An injectable uterotonic is the drug of choice for routine third stage management when the placenta is delivered. Oral or sublingual misoprostol may be used where no injectable uterotonic is available.
After her baby is born, the woman's womb (uterus) contracts and bleeding decreases. If the womb does not contract, postpartum haemorrhage (heavy bleeding) can occur, which can be life threatening. A prostaglandin, oxytocin and ergometrine are all drugs that cause contractions of the womb (uterotonics). This review of 72 randomised controlled trials, involving 52,678 women, found that oral or sublingual prostaglandin (misoprostol) is effective in reducing severe haemorrhage after giving birth and the need for blood transfusions. Misoprostol is not as effective as oxytocin and has more side-effects. The main side-effects are shivering, high temperature and diarrhoea, occurring in a significant proportion of women. Twenty-six of the trials included centres in low- and middle-income countries only. Misoprostol may be useful in places where injectable uterotonics are not available, perhaps because of poor access to skilled healthcare providers. Injectable prostaglandin may be effective in reducing blood loss but has adverse effects of vomiting, abdominal pain and diarrhoea and costs more.
Oral or sublingual misoprostol shows promising results when compared with placebo in reducing blood loss after delivery. The margin of benefit may be affected by whether other components of the management of the third stage of labour are used or not. As side-effects are dose-related, research should be directed towards establishing the lowest effective dose for routine use, and the optimal route of administration.
Neither intramuscular prostaglandins nor misoprostol are preferable to conventional injectable uterotonics as part of the management of the third stage of labour especially for low-risk women; however, evidence has been building for the use of oral misoprostol to be effective and safe in areas with low access to facilities and skilled healthcare providers and future research on misoprostol use in the community should focus on implementation issues.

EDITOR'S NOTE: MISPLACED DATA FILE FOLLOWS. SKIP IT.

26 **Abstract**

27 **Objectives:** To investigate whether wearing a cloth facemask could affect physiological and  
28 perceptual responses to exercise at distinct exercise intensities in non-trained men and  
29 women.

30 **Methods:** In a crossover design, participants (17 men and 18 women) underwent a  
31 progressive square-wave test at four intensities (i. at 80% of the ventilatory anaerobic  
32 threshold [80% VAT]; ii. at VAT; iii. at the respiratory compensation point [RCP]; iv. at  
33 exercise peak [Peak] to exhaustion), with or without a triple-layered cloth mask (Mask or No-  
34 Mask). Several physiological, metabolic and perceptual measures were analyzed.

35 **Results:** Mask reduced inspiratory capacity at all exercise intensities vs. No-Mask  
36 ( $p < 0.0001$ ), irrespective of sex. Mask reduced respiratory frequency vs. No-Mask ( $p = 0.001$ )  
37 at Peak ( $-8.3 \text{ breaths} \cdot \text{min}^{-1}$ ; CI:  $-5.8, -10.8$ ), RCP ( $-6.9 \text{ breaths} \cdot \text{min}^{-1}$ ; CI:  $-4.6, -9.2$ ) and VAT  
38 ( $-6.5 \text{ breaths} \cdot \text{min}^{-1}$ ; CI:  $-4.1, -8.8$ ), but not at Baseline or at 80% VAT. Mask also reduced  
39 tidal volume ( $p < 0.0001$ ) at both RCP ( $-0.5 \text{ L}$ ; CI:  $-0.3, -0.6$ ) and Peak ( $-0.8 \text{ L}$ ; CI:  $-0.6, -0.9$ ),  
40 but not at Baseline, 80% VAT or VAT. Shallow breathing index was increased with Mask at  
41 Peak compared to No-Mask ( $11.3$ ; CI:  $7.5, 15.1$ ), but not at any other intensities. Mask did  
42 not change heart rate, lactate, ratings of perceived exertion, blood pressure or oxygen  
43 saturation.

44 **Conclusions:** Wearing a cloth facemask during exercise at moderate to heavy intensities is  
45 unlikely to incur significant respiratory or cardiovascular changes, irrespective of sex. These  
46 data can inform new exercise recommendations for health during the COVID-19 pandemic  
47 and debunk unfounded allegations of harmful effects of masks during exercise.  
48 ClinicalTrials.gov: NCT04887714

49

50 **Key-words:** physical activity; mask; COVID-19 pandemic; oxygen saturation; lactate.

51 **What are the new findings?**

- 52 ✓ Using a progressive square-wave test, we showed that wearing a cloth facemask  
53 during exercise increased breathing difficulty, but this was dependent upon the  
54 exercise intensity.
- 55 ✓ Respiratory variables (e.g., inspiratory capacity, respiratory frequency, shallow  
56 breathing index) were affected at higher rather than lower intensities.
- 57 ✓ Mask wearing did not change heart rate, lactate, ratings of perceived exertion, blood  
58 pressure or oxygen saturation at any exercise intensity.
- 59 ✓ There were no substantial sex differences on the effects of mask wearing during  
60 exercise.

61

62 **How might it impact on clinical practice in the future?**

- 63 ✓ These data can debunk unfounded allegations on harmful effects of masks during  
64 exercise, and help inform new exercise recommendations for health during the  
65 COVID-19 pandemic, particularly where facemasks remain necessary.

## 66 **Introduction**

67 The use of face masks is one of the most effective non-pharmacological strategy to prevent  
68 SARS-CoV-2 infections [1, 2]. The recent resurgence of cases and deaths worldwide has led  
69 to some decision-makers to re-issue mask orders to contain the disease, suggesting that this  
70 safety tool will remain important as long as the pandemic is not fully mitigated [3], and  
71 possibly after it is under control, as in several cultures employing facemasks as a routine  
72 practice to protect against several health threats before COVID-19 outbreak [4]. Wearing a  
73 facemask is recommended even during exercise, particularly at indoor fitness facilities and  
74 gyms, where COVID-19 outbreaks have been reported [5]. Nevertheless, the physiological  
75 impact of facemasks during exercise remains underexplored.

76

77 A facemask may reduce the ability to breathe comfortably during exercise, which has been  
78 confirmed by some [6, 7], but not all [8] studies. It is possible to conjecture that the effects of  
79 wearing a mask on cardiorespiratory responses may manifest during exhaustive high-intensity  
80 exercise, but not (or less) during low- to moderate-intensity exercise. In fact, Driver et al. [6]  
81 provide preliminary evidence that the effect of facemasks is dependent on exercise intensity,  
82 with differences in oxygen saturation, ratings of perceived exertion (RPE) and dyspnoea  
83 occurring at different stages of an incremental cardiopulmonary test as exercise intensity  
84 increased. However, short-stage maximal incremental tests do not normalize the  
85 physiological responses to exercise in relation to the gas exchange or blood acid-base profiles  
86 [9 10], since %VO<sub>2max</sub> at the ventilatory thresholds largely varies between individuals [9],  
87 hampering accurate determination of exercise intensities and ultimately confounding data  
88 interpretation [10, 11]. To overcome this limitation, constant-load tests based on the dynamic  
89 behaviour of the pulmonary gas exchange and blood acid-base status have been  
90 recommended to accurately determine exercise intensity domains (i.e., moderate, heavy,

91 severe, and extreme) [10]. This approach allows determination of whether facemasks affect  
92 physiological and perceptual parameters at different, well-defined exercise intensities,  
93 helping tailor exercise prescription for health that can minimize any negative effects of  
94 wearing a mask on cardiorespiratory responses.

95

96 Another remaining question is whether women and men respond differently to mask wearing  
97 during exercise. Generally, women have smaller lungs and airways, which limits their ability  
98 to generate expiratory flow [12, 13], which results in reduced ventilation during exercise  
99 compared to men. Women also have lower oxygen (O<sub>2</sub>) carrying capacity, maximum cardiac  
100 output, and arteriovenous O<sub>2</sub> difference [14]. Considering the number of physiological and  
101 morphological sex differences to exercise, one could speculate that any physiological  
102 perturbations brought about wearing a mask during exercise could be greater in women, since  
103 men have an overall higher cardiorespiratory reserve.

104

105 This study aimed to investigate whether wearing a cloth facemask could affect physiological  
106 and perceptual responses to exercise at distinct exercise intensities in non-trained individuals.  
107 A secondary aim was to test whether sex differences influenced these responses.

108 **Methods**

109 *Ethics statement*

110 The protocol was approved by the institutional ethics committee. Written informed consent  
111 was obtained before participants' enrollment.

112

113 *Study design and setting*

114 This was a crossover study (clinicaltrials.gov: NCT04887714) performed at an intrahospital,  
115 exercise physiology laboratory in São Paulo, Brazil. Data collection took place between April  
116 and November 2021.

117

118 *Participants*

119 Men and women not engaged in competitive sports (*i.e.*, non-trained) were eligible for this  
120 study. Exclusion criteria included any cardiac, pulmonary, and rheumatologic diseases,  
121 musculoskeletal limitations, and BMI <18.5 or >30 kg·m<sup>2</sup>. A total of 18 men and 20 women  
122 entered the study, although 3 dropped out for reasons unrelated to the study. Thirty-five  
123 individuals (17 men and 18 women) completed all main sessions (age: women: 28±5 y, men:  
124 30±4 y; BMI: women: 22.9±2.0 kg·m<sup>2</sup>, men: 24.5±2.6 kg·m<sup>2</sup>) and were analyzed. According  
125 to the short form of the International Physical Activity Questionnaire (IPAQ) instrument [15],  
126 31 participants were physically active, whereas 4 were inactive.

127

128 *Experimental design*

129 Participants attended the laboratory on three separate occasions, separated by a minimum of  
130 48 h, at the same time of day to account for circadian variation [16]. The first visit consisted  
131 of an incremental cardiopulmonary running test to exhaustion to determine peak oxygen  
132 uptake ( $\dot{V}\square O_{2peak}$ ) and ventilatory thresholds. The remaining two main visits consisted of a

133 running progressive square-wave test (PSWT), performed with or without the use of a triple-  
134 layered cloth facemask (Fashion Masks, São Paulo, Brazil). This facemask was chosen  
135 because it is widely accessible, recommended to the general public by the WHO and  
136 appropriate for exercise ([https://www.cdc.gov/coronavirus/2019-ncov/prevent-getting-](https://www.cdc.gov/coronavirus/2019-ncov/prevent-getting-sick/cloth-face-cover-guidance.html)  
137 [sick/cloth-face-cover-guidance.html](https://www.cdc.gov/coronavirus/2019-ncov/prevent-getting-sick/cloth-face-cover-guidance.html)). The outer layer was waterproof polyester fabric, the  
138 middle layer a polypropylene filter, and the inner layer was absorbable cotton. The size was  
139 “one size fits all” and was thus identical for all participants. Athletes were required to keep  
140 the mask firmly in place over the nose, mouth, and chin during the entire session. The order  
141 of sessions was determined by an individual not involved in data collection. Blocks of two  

Prostaglandins have mainly been used for postpartum haemorrhage (PPH) when other measures fail. Misoprostol, a new and inexpensive prostaglandin E1 analogue, has been suggested as an alternative for routine management of the third stage of labour.
To assess the effects of prophylactic prostaglandin use in the third stage of labour.
We searched the Cochrane Pregnancy and Childbirth Group's Trials Register (7 January 2011). We updated this search on 25 May 2012 and added the results to the awaiting classification section.
Randomised trials comparing a prostaglandin agent with another uterotonic or no prophylactic uterotonic (nothing or placebo) as part of management of the third stage of labour. The primary outcomes were blood loss 1000 mL or more and the use of additional uterotonics.
Two review authors independently assessed eligibility and trial quality and extracted data.
We included 72 trials (52,678 women). Oral or sublingual misoprostol compared with placebo is effective in reducing severe PPH (oral: seven trials, 6225 women, not totalled due to significant heterogeneity; sublingual: risk ratio (RR) 0.66; 95% confidence interval (CI) 0.45 to 0.98; one trial, 661 women) and blood transfusion (oral: RR 0.31; 95% CI 0.10 to 0.94; four trials, 3519 women).
Compared with conventional injectable uterotonics, oral misoprostol was associated with higher risk of severe PPH (RR 1.33; 95% CI 1.16 to 1.52; 17 trials, 29,797 women) and use of additional uterotonics, but with a trend to fewer blood transfusions (RR 0.84; 95% CI 0.66 to 1.06; 15 trials; 28,213 women). Additional uterotonic data were not totalled due to heterogeneity. Misoprostol use is associated with significant increases in shivering and a temperature of 38º Celsius compared with both placebo and other uterotonics.